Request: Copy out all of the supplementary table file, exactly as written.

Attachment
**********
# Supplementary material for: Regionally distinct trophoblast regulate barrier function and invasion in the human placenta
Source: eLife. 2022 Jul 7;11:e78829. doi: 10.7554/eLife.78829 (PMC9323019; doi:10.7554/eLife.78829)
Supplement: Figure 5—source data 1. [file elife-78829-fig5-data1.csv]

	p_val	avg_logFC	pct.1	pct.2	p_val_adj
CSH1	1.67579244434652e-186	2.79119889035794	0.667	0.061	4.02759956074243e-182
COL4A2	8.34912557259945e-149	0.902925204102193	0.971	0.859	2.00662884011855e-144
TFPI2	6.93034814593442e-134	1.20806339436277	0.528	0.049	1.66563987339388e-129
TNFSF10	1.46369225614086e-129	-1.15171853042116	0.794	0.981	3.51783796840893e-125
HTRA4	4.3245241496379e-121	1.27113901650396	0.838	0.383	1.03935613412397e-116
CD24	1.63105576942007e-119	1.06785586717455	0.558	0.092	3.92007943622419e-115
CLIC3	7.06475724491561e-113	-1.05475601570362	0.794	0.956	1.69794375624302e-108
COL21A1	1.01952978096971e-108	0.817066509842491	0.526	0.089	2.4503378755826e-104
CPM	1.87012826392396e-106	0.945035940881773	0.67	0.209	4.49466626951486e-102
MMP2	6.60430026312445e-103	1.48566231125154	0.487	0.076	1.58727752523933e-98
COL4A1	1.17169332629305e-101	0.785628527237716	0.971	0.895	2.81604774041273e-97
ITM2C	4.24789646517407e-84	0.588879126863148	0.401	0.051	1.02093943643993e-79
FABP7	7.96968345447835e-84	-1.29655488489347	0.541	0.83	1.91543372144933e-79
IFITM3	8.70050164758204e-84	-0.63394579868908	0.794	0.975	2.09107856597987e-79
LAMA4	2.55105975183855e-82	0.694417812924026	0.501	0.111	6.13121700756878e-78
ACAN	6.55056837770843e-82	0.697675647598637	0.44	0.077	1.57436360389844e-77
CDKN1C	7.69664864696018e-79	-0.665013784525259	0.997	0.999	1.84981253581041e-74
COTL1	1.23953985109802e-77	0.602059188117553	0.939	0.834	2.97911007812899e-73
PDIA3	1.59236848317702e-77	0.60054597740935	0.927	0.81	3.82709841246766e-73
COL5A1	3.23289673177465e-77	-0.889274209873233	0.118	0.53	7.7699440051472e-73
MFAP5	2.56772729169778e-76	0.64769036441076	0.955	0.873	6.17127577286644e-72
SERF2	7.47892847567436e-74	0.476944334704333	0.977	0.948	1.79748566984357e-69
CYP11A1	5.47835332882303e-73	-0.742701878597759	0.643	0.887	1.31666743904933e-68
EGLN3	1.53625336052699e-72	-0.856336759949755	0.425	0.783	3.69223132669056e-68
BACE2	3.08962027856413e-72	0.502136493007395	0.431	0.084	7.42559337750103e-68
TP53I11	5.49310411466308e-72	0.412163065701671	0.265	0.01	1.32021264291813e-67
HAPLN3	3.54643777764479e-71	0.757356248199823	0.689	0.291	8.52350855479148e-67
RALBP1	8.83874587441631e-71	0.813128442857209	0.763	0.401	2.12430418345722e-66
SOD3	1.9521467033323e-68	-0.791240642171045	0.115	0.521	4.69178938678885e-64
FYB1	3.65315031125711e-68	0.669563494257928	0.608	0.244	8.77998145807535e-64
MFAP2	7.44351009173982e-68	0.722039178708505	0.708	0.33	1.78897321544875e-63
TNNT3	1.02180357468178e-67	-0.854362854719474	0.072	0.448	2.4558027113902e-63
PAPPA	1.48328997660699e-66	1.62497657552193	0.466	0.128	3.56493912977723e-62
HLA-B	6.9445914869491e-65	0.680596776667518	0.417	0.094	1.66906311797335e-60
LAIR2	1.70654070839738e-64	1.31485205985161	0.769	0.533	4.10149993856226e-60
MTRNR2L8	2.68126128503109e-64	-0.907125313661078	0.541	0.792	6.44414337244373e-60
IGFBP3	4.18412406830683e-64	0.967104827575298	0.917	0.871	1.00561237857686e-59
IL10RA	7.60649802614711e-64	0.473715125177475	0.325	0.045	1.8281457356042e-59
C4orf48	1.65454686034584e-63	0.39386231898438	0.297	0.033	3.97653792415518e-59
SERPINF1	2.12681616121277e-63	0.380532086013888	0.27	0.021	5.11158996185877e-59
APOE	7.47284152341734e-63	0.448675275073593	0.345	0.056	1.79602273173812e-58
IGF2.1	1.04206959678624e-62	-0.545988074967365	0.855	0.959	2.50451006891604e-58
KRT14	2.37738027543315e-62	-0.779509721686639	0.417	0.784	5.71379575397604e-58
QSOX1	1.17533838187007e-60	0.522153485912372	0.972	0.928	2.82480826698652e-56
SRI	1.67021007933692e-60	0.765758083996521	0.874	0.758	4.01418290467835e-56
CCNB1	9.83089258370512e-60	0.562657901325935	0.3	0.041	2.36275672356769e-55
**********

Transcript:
# Supplementary material for: Regionally distinct trophoblast regulate barrier function and invasion in the human placenta
Source: eLife. 2022 Jul 7;11:e78829. doi: 10.7554/eLife.78829 (PMC9323019; doi:10.7554/eLife.78829)
Supplement: Figure 5—source data 1. [file elife-78829-fig5-data1.csv]

	p_val	avg_logFC	pct.1	pct.2	p_val_adj
CSH1	1.67579244434652e-186	2.79119889035794	0.667	0.061	4.02759956074243e-182
COL4A2	8.34912557259945e-149	0.902925204102193	0.971	0.859	2.00662884011855e-144
TFPI2	6.93034814593442e-134	1.20806339436277	0.528	0.049	1.66563987339388e-129
TNFSF10	1.46369225614086e-129	-1.15171853042116	0.794	0.981	3.51783796840893e-125
HTRA4	4.3245241496379e-121	1.27113901650396	0.838	0.383	1.03935613412397e-116
CD24	1.63105576942007e-119	1.06785586717455	0.558	0.092	3.92007943622419e-115
CLIC3	7.06475724491561e-113	-1.05475601570362	0.794	0.956	1.69794375624302e-108
COL21A1	1.01952978096971e-108	0.817066509842491	0.526	0.089	2.4503378755826e-104
CPM	1.87012826392396e-106	0.945035940881773	0.67	0.209	4.49466626951486e-102
MMP2	6.60430026312445e-103	1.48566231125154	0.487	0.076	1.58727752523933e-98
COL4A1	1.17169332629305e-101	0.785628527237716	0.971	0.895	2.81604774041273e-97
ITM2C	4.24789646517407e-84	0.588879126863148	0.401	0.051	1.02093943643993e-79
FABP7	7.96968345447835e-84	-1.29655488489347	0.541	0.83	1.91543372144933e-79
IFITM3	8.70050164758204e-84	-0.63394579868908	0.794	0.975	2.09107856597987e-79
LAMA4	2.55105975183855e-82	0.694417812924026	0.501	0.111	6.13121700756878e-78
ACAN	6.55056837770843e-82	0.697675647598637	0.44	0.077	1.57436360389844e-77
CDKN1C	7.69664864696018e-79	-0.665013784525259	0.997	0.999	1.84981253581041e-74
COTL1	1.23953985109802e-77	0.602059188117553	0.939	0.834	2.97911007812899e-73
PDIA3	1.59236848317702e-77	0.60054597740935	0.927	0.81	3.82709841246766e-73
COL5A1	3.23289673177465e-77	-0.889274209873233	0.118	0.53	7.7699440051472e-73
MFAP5	2.56772729169778e-76	0.64769036441076	0.955	0.873	6.17127577286644e-72
SERF2	7.47892847567436e-74	0.476944334704333	0.977	0.948	1.79748566984357e-69
CYP11A1	5.47835332882303e-73	-0.742701878597759	0.643	0.887	1.31666743904933e-68
EGLN3	1.53625336052699e-72	-0.856336759949755	0.425	0.783	3.69223132669056e-68
BACE2	3.08962027856413e-72	0.502136493007395	0.431	0.084	7.42559337750103e-68
TP53I11	5.49310411466308e-72	0.412163065701671	0.265	0.01	1.32021264291813e-67
HAPLN3	3.54643777764479e-71	0.757356248199823	0.689	0.291	8.52350855479148e-67
RALBP1	8.83874587441631e-71	0.813128442857209	0.763	0.401	2.12430418345722e-66
SOD3	1.9521467033323e-68	-0.791240642171045	0.115	0.521	4.69178938678885e-64
FYB1	3.65315031125711e-68	0.669563494257928	0.608	0.244	8.77998145807535e-64
MFAP2	7.44351009173982e-68	0.722039178708505	0.708	0.33	1.78897321544875e-63
TNNT3	1.02180357468178e-67	-0.854362854719474	0.072	0.448	2.4558027113902e-63
PAPPA	1.48328997660699e-66	1.62497657552193	0.466	0.128	3.56493912977723e-62
HLA-B	6.9445914869491e-65	0.680596776667518	0.417	0.094	1.66906311797335e-60
LAIR2	1.70654070839738e-64	1.31485205985161	0.769	0.533	4.10149993856226e-60
MTRNR2L8	2.68126128503109e-64	-0.907125313661078	0.541	0.792	6.44414337244373e-60
IGFBP3	4.18412406830683e-64	0.967104827575298	0.917	0.871	1.00561237857686e-59
IL10RA	7.60649802614711e-64	0.473715125177475	0.325	0.045	1.8281457356042e-59
C4orf48	1.65454686034584e-63	0.39386231898438	0.297	0.033	3.97653792415518e-59
SERPINF1	2.12681616121277e-63	0.380532086013888	0.27	0.021	5.11158996185877e-59
APOE	7.47284152341734e-63	0.448675275073593	0.345	0.056	1.79602273173812e-58
IGF2.1	1.04206959678624e-62	-0.545988074967365	0.855	0.959	2.50451006891604e-58
KRT14	2.37738027543315e-62	-0.779509721686639	0.417	0.784	5.71379575397604e-58
QSOX1	1.17533838187007e-60	0.522153485912372	0.972	0.928	2.82480826698652e-56
SRI	1.67021007933692e-60	0.765758083996521	0.874	0.758	4.01418290467835e-56
CCNB1	9.83089258370512e-60	0.562657901325935	0.3	0.041	2.36275672356769e-55